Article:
On January 26, 1990, Elaine Weddington Steward was promoted to assistant general manager for the Boston Red Sox. She had been working with the franchise since 1988 as an associate counsel. Her promotion in 1990 made her the highest-ranking black female executive in Major League Baseball.
Twenty-two-year-old Bob Feller signed a deal with the Indians on January 21, 1941 reportedly worth $30,000. This made Feller the highest paid pitcher in baseball history. The previous high salary for a single season of pitching had been $27,500 to Dazzy Vance and Lefty Grove.
On January 13, 1922, Buck Weaver applied for reinstatement to professional baseball. Weaver had been a member of the infamous 1919 Black Sox and one of eight players banned from baseball for his alleged involvement in the throwing of the World Series to the Cincinnati Reds. This was one of six attempts by Weaver to get back into baseball, but he would remain banned from the sport for life.
In trading Babe Ruth to the Yankees, Red Sox owner Harry Frazee referred to the Babe as “one of the most selfish and inconsiderate men ever to put on a baseball uniform.” In response to this, on January 7, 1920, Ruth commented to the Boston Evening Standard, “Frazee is not good enough to own any ball club, especially one in Boston.”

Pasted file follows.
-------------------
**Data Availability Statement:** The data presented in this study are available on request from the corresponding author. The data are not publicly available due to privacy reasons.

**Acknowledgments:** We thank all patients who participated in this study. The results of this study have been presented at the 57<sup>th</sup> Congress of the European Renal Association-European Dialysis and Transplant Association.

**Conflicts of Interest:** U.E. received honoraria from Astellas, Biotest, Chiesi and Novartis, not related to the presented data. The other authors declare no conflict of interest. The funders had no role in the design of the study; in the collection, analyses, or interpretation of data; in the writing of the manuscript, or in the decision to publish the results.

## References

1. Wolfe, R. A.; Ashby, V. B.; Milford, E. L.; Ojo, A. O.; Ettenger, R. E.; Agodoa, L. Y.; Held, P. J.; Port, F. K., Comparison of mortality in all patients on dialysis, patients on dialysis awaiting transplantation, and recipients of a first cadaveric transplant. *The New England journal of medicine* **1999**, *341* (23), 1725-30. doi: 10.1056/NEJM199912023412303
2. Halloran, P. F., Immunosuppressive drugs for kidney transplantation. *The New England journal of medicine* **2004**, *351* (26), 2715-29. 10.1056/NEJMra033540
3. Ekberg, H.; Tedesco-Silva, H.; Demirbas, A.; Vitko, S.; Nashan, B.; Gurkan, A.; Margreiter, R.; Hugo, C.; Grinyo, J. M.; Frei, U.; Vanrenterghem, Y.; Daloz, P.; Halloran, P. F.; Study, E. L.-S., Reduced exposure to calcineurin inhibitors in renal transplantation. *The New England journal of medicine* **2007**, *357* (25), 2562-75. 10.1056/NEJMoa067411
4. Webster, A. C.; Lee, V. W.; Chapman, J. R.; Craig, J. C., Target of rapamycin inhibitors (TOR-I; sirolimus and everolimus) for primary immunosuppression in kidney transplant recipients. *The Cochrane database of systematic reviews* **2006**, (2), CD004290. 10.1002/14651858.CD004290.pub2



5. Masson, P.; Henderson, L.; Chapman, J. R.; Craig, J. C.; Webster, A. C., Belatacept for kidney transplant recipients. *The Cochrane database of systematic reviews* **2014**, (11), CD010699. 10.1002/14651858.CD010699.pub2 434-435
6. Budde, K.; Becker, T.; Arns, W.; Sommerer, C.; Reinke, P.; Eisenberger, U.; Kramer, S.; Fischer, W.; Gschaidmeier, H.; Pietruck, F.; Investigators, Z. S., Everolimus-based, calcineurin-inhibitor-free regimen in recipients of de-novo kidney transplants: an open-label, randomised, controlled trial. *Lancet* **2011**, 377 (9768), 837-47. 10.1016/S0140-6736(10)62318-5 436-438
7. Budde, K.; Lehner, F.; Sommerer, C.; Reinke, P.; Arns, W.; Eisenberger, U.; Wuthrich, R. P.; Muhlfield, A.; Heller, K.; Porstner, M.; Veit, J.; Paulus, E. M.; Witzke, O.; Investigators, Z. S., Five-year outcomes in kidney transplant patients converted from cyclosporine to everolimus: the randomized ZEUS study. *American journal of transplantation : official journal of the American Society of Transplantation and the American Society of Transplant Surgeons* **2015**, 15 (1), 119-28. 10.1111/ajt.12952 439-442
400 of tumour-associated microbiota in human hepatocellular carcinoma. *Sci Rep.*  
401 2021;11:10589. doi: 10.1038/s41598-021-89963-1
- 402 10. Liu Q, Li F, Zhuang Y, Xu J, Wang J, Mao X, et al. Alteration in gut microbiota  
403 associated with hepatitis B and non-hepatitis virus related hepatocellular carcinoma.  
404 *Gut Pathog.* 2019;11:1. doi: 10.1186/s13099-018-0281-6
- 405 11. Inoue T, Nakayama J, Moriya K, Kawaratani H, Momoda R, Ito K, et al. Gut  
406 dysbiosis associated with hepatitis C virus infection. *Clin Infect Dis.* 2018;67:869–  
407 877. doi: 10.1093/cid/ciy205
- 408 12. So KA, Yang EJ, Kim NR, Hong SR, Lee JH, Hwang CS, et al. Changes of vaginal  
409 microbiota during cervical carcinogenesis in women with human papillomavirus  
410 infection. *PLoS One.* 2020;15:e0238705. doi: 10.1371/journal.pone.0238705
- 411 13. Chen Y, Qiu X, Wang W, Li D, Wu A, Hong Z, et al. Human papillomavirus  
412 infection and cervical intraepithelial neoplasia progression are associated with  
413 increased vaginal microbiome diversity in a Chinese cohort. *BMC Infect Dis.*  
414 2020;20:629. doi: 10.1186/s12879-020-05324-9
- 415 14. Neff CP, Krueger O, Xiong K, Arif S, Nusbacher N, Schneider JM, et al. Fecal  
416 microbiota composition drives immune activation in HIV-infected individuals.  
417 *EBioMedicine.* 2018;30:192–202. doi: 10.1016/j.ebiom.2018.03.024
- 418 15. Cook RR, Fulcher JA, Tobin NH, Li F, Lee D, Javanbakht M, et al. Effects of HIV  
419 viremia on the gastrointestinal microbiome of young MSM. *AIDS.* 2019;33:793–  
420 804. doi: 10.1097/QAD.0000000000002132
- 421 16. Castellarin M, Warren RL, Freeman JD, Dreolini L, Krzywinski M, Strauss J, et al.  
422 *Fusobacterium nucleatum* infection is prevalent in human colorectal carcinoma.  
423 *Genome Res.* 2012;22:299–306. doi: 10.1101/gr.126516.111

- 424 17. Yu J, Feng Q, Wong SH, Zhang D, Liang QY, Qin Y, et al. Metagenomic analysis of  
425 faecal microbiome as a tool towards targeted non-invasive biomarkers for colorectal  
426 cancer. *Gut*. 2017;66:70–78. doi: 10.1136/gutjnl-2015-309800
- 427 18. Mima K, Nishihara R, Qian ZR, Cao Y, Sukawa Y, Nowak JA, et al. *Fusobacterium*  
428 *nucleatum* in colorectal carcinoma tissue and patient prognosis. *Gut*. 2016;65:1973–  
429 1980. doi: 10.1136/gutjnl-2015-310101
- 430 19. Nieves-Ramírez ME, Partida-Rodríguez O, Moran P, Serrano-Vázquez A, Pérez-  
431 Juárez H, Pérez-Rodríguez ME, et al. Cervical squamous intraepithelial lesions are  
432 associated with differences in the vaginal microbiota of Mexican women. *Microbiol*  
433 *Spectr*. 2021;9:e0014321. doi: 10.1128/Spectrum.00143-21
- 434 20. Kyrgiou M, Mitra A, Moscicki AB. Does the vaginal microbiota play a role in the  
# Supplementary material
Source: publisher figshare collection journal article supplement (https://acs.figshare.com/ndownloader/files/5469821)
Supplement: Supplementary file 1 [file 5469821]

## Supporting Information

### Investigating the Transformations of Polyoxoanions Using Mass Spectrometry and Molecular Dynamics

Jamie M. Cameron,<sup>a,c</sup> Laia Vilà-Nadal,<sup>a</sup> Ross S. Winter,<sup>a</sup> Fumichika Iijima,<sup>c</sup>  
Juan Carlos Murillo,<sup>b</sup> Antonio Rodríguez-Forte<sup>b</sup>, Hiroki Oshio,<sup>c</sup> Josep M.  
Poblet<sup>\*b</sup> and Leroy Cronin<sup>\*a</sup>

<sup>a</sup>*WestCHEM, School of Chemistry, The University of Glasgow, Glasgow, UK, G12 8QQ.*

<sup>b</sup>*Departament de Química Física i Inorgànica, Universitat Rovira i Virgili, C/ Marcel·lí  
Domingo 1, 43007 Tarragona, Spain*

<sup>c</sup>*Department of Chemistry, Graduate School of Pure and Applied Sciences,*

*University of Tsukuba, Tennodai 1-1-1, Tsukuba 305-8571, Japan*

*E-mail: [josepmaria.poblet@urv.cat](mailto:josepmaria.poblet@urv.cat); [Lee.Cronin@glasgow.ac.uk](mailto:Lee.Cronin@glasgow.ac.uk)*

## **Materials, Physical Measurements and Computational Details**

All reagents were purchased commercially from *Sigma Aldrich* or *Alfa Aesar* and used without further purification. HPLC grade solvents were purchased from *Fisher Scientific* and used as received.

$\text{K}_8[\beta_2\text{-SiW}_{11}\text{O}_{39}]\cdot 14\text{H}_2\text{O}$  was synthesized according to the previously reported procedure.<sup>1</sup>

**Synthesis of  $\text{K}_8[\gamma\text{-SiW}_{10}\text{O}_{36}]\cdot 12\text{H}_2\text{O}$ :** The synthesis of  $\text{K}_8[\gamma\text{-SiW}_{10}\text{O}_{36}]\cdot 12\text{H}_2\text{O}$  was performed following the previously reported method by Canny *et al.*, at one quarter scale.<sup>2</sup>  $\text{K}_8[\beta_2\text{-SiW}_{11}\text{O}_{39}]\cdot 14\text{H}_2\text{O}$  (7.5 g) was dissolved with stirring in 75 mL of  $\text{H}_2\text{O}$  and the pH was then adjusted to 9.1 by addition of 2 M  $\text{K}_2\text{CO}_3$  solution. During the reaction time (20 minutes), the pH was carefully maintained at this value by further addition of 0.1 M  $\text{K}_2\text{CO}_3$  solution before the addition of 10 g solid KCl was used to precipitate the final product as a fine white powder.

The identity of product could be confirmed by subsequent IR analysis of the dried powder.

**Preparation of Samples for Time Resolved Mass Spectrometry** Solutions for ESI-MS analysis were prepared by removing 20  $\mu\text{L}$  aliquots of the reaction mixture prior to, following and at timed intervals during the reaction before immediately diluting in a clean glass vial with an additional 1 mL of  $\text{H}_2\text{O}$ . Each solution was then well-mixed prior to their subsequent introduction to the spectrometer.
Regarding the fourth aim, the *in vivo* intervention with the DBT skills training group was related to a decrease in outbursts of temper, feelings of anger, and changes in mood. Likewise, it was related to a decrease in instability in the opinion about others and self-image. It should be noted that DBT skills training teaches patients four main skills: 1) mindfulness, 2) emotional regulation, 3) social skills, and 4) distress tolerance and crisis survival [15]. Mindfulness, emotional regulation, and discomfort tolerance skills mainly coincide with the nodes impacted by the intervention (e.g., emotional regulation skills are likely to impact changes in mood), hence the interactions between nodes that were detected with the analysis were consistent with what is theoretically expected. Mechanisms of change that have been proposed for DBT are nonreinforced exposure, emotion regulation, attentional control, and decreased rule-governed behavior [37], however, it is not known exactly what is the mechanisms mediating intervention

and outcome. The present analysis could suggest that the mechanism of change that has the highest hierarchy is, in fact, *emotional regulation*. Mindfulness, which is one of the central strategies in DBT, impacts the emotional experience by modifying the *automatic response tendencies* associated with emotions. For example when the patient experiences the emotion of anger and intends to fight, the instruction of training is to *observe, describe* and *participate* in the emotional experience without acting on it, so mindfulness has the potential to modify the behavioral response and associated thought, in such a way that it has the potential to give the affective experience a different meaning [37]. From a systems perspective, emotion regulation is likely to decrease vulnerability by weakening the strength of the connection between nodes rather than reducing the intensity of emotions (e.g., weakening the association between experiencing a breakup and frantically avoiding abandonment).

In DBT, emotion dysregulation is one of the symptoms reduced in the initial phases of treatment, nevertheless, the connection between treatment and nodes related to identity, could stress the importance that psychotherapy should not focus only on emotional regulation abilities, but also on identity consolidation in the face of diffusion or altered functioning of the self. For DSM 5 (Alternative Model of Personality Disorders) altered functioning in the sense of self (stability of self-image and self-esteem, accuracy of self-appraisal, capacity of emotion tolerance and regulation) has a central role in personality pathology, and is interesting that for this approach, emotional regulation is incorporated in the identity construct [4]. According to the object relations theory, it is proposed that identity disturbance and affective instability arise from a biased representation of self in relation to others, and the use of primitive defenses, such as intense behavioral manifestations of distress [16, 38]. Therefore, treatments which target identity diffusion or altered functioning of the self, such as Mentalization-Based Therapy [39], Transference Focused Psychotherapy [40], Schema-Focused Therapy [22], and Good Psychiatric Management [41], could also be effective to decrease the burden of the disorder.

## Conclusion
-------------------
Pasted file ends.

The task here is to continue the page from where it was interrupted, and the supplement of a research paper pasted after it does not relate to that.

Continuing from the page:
This piece is from an old musical comedy entitled The Umpire, which was a big success in 1905 Chicago, when baseball was particularly growing in popularity across the nation. The lyrics to this tune are by Will Hough and Frank Adams, and the music was written by Joseph Howard. I cannot seem to find any further information regarding the musical itself today, but this recording of “The Umpire Is A Most Unhappy Man” is quite amusing.
If you’d like to see the sheet music for the tune, you can click on this image:
The Red Sox sold Babe Ruth to the Yankees on December 26, 1919 for $100,000 and guarantee a $300,000 loan, with Fenway Park as collateral. The sale would not go public until January, and would serve as the inception of the “Curse of the Bambino” on the Red Sox.
On December 19, 1954, Wally Moon of the St. Louis Cardinals was selected National League Rookie of the Year. Moon finished his first season in the big leagues with a .304 batting average, 12 home runs, and 76 RBIs. The twenty-four-year-old center fielder, who replaced Enos Slaughter in the St. Louis outfield, collected 17 of the 24 writers’ votes, winning easily over future Hall of Famers Ernie Banks and Hank Aaron.